Lastly, of course, a rising tide lifts all ships, so if the entire stock market is improving, there are many companies (and executives) that will make a mint, somewhat regardless of how much value they create. This helps shareholders, but it does little to differentiate management from any other management, which is something a discerning investor wants to do. So, if simply giving executives stock options doesn’t necessarily align their interests with shareholders, what will?
There are two key restrictions that shareholders should want management’s stock options to have, and these aren’t necessarily bad for the executives either. The first is vesting, which addresses the short-term incentives. This is the process by which an executive receives a large number of stock options, but can only exercise a portion of them over time. An HBR study uses the example of “25% per year over four years” or some such similar plan. The second is to use a fixed number plan, rather than a fixed value or megagrant plan. This means that the executive will receive a “fixed number” of options at predetermined intervals, rather than, for example, 5 or 10 years worth of options all at once (megagrant). So, the more value they create over the timeframe of the plan, the more money they can make. This is a significant advantage over fixed value plans, which deliver a specific option value to the executive, decreasing the quantity of options as the stock price improves. It’s also beneficial in the event of a market crash, or any other factor that significantly lowers the company’s stock price. If this occurs, a fixed number plan won’t be entirely out-of-the-money, like a megagrant plan, because the executive will receive another round of at-the-money options at the now much lower stock price (assuming they’re still with the company).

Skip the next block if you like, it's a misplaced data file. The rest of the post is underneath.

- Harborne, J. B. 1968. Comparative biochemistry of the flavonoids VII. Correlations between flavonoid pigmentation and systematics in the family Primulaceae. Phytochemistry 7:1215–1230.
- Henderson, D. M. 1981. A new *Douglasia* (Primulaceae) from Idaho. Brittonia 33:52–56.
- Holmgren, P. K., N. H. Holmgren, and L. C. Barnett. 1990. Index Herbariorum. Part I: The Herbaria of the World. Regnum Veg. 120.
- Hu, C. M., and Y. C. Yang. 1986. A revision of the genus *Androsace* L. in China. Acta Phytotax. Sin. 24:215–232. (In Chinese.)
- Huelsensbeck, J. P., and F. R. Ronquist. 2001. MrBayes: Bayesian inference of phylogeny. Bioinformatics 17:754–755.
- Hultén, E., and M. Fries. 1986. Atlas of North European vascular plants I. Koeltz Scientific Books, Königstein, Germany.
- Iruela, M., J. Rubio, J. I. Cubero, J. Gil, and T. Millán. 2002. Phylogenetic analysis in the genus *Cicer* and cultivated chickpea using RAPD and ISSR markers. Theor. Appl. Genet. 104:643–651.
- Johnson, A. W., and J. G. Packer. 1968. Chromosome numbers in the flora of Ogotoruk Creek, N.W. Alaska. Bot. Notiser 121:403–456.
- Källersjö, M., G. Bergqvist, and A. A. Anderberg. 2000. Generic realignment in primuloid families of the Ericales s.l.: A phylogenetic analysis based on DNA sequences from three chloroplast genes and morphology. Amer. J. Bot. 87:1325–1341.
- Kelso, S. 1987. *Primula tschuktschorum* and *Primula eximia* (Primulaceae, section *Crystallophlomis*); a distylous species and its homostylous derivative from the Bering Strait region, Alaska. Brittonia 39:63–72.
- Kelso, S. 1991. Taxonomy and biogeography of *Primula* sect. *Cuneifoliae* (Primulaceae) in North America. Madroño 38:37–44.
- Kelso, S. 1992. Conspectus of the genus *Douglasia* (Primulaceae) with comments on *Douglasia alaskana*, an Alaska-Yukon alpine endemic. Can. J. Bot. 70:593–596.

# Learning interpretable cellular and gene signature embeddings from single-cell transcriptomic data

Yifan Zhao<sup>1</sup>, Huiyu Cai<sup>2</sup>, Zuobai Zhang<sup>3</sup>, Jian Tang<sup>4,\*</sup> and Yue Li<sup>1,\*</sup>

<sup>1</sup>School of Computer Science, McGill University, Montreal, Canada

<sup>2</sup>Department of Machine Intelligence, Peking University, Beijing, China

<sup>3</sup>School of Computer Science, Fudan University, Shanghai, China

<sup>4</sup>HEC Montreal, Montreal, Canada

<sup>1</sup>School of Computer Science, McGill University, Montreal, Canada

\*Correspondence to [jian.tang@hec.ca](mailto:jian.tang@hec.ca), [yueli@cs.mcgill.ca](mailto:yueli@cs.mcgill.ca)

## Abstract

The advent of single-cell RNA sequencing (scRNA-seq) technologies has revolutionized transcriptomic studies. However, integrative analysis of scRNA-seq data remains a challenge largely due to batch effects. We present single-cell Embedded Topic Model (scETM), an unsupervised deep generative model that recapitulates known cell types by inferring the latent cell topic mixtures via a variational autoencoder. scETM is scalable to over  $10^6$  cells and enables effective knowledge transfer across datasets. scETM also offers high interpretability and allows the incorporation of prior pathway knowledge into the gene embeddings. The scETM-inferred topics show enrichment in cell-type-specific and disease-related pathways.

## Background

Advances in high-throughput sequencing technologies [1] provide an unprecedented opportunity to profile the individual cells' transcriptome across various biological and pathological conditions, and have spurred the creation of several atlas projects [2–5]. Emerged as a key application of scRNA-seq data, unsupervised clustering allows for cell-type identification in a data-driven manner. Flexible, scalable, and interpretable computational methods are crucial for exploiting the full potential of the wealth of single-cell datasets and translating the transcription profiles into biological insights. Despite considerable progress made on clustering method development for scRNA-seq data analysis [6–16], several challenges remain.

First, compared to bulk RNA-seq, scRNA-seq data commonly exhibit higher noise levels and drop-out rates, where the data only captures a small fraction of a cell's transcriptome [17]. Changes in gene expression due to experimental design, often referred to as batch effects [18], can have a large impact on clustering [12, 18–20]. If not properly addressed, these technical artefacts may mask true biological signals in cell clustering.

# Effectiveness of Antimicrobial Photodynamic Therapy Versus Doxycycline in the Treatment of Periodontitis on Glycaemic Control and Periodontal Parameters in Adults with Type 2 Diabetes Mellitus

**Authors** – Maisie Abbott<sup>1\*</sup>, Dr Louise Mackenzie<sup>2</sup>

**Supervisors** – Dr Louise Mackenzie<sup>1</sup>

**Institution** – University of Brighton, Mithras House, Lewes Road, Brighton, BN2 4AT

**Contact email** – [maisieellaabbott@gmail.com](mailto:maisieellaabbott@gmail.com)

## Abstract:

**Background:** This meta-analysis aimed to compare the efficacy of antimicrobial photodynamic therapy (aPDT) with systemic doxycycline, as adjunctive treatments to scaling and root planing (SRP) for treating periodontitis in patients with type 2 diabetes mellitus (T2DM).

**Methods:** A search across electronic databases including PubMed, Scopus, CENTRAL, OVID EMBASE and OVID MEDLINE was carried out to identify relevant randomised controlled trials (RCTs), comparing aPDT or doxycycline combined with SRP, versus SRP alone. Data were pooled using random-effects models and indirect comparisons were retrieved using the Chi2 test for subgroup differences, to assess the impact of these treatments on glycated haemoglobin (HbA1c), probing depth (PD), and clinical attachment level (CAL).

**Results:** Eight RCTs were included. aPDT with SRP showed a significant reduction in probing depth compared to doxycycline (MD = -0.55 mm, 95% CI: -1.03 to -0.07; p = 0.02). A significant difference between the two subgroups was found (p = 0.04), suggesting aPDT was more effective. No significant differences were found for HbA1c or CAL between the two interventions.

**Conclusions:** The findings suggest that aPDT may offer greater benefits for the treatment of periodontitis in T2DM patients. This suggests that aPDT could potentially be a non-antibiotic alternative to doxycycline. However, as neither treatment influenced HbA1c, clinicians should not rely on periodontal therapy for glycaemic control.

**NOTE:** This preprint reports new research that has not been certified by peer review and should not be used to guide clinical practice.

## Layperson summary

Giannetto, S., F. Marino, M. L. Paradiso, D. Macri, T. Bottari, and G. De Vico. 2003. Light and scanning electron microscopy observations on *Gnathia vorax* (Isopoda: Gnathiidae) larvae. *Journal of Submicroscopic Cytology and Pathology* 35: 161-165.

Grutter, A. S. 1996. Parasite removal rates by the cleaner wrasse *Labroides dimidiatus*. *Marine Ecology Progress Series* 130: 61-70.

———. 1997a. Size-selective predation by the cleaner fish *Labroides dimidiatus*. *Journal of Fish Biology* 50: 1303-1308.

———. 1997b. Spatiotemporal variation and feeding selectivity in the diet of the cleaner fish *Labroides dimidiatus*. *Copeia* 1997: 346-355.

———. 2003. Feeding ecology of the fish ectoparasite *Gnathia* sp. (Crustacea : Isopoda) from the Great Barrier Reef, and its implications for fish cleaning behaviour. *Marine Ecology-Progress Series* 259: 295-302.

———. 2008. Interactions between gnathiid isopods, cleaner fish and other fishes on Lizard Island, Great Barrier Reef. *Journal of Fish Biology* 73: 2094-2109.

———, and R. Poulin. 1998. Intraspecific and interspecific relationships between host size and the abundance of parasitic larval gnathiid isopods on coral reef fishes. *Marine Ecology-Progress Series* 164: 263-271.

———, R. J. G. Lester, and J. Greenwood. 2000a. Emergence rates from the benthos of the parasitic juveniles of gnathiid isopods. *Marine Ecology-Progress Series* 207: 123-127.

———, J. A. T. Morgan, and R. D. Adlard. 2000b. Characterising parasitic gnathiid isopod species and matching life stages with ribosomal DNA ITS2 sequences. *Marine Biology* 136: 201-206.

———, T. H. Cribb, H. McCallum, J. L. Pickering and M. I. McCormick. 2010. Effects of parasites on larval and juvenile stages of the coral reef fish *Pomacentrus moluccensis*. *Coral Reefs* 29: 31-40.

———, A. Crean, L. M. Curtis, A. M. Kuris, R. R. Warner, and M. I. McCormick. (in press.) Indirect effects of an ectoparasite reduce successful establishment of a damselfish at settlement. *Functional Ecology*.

As a small investor, your ability to influence CEO compensation structures will be limited, to say the least. However, it is important to understand how their compensation works and what incentives they have in stewarding your investment. That’s not to say that you shouldn’t invest in companies because of their megagrant option structures, but you can factor that into your decision. Additionally, you’d like to see an evolution as the company matures, i.e. a start-up with a megagrant structure grows to become an expanding/mature public company with a fixed number plan. This shows the company is thinking critically about long-term growth and management incentives.
Cox, Christopher. Testimony Concerning Options Backdating. SEC.gov, www.sec.gov/news/testimony/2006/ts090606cc.htm.
Fink, Ronald. Should You Give Your CEO Stock Options? Chicago Booth Review, 20 June 2014, review.chicagobooth.edu/magazine/summer-2014/should-you-give-your-ceo-stock-options.
Gilroy, William G. Throwing Caution to the Wind: CEO Stock Option Pay May Increase Product Safety Problems. Notre Dame News, 31 Aug. 2015, news.nd.edu/news/throwing-caution-to-the-wind-ceo-stock-option-pay-may-increase-product-safety-problems/.
Hall, Brian J. What You Need to Know About Stock Options. Harvard Business Review, Harvard Business School, 1 Aug. 2014, hbr.org/2000/03/what-you-need-to-know-about-stock-options.
Incentive Plans: Stock Options. Compensation, HR Guide, hr-guide.com/data/G445.htm.
SEC. Spotlight on Stock Options Backdating. SEC.gov, www.sec.gov/spotlight/optionsbackdating.htm.
Staff, Investopedia. Moneyness. Investopedia, Investopedia, 16 Mar. 2018, www.investopedia.com/terms/m/moneyness.asp.